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Moisture meters?

plainpainter

New member
Anyone ever bought one of those gadgets? I think I have used mine a total of 4 times before it got relegated to collecting dust. Sure there was a gradation of % of wood moisture - but it seemed when wood dried for a couple of sunny days and felt dry to my hands - the moisture meter didn't register anything. And when wood felt moist to my hands - the moisture meter said it was moist.

It basically didn't tell me anything that I didn't already know. Not to mention when I first started in the painting trades I was taught by these old geysers to use boiled linseed oil along with turpentine to chase the moisture out of wood and it always worked.

I painted my sisters house once and one of her window sills on the inside was soaking wet from condensation dribbling down. I used a quick dry oil primer directly on this soaking wood - and an hour later there was a puddle of water that got pushed up to the surface and was sitting on top of the primer - I padded it dry with paper towels - leaving the primer intact.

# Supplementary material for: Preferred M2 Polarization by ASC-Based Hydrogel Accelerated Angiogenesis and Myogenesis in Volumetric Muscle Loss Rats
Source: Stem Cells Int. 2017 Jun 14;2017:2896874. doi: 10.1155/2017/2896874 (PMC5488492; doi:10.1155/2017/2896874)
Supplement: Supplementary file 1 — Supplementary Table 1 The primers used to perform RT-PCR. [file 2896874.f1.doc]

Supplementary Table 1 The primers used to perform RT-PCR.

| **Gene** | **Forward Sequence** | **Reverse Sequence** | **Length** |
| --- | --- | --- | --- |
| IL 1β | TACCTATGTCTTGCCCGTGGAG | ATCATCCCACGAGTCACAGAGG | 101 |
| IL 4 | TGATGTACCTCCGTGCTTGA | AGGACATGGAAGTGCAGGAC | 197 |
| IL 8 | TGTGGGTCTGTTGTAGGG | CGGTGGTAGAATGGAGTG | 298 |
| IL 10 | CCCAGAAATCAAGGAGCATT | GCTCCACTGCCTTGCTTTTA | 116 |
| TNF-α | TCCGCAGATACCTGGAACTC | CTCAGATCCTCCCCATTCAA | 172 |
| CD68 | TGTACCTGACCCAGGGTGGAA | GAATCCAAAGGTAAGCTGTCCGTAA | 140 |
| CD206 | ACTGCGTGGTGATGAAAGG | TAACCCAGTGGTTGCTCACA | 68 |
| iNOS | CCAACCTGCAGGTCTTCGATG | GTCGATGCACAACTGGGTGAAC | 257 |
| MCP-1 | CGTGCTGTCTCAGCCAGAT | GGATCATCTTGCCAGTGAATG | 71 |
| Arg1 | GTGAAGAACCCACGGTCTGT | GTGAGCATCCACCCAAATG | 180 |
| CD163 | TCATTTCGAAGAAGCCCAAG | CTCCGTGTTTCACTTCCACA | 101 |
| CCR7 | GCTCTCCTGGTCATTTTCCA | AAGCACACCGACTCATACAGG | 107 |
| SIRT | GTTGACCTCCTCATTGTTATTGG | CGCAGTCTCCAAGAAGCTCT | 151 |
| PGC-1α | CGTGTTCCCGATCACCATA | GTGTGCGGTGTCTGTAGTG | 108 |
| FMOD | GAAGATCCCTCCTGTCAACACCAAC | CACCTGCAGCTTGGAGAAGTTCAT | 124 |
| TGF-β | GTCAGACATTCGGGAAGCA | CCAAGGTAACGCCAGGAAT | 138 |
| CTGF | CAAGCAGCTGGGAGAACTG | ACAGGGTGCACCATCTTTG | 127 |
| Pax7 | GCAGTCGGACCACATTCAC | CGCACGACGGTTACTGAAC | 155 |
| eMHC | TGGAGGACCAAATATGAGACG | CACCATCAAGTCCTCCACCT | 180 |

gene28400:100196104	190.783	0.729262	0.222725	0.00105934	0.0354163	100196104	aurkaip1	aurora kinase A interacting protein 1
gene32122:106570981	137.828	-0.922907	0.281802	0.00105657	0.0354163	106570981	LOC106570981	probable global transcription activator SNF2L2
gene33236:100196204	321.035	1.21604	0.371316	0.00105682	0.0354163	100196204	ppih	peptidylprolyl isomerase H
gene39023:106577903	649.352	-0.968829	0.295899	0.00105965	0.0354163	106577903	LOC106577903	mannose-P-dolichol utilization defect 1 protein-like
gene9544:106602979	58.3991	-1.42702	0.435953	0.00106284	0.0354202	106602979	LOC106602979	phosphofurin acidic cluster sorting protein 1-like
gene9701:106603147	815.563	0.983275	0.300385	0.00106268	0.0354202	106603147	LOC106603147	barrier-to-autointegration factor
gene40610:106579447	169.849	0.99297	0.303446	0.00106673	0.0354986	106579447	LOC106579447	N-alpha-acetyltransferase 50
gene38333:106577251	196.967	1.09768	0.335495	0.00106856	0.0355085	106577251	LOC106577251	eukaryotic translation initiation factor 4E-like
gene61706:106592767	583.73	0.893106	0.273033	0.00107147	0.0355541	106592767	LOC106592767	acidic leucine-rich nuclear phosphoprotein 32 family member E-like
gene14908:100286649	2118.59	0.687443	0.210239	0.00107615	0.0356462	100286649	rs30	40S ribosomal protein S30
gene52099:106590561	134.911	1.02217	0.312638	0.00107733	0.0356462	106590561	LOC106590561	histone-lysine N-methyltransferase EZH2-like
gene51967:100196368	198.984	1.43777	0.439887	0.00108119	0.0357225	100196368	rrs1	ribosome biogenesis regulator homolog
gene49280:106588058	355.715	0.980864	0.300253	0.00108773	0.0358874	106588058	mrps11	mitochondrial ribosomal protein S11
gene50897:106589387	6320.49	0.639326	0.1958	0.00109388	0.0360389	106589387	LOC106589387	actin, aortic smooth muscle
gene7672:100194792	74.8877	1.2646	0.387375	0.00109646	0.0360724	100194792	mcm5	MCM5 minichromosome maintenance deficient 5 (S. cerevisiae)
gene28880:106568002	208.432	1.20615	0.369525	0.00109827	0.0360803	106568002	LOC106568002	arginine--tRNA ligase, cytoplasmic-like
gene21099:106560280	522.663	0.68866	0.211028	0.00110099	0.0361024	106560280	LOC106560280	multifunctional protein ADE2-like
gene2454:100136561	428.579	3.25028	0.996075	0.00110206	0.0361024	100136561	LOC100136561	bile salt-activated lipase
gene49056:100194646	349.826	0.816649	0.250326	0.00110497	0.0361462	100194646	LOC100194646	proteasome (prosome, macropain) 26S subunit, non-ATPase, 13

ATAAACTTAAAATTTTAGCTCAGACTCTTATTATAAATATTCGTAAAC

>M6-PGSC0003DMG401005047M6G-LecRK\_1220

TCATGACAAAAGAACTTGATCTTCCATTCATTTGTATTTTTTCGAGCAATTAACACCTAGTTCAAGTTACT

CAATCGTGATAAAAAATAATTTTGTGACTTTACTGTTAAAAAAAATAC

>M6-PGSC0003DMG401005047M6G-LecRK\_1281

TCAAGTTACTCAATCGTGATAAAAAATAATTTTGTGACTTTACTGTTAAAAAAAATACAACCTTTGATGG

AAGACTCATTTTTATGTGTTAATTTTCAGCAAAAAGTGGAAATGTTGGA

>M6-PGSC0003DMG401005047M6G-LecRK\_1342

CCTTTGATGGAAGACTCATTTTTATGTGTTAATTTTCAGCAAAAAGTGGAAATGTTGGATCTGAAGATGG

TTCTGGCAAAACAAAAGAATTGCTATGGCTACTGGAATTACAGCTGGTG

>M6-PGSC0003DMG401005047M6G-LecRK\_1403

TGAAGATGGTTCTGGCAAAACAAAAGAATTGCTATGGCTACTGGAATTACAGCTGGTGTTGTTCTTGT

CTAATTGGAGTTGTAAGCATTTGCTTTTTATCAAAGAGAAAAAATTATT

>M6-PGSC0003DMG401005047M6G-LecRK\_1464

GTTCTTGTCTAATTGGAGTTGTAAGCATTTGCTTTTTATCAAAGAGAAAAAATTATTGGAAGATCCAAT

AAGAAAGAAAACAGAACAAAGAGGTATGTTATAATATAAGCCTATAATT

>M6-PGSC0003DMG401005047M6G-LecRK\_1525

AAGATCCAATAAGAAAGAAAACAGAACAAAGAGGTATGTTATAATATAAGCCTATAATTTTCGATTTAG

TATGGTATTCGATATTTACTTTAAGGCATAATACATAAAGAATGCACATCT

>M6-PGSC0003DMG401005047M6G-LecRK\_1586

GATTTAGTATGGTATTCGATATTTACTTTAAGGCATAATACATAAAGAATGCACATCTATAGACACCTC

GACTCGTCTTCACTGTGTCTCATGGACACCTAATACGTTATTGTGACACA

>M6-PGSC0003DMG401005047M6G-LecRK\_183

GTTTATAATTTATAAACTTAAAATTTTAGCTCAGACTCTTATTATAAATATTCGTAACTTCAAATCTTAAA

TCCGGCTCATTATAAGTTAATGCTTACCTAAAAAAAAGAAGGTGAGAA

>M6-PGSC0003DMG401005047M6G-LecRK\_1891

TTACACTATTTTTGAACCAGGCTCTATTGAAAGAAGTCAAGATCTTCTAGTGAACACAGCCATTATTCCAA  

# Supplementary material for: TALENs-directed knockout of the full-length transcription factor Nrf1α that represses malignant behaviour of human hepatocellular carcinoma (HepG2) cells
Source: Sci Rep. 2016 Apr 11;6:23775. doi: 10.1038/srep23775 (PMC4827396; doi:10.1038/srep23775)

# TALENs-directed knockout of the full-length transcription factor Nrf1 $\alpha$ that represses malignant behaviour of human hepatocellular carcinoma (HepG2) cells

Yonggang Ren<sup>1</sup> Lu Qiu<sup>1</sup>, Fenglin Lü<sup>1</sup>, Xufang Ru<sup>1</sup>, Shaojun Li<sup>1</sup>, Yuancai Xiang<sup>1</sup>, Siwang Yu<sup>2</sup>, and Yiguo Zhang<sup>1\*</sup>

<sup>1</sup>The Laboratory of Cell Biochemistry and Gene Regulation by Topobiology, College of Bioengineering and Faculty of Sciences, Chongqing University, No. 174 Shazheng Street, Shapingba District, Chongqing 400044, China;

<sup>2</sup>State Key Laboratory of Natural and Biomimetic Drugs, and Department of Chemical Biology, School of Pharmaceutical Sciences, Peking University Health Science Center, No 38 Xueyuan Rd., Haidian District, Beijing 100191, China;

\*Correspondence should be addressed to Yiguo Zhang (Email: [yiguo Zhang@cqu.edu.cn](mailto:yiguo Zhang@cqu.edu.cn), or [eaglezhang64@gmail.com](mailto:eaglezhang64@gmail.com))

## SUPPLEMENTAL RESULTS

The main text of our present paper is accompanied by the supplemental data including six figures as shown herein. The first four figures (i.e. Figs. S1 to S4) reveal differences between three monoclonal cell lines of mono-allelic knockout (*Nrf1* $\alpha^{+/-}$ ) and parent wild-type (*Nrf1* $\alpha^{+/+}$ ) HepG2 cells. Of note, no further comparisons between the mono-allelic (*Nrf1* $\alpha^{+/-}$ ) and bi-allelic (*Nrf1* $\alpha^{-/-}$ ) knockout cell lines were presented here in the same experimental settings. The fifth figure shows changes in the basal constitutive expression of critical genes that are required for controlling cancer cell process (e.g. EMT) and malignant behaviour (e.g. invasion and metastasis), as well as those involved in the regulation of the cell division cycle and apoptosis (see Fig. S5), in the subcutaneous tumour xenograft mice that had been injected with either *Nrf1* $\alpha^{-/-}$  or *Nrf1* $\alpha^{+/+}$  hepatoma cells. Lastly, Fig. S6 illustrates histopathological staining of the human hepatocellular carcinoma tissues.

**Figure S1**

Three days later the window sill felt bone dry to my hands - and I put a couple coats of latex paint - and it's been 5 years and still looks perfect.

I think we way over think moisture levels sometimes. If the deck has had couple of dry days, feels dry - it's ready to go.
 

Ken Fenner

Fuckhead
Its in the box with the X-Jet, next to the yellow extension wand laying next to the shelf that has the curved gutter cleaning attachment.
 

plainpainter

New member
I have a confession Ken - I am contemplating using my extend-a-wand to rinse off the outside part of this deck's railing/balusters I am about to strip - as the deck is 12 feet off the ground.
 

Ken Fenner

Fuckhead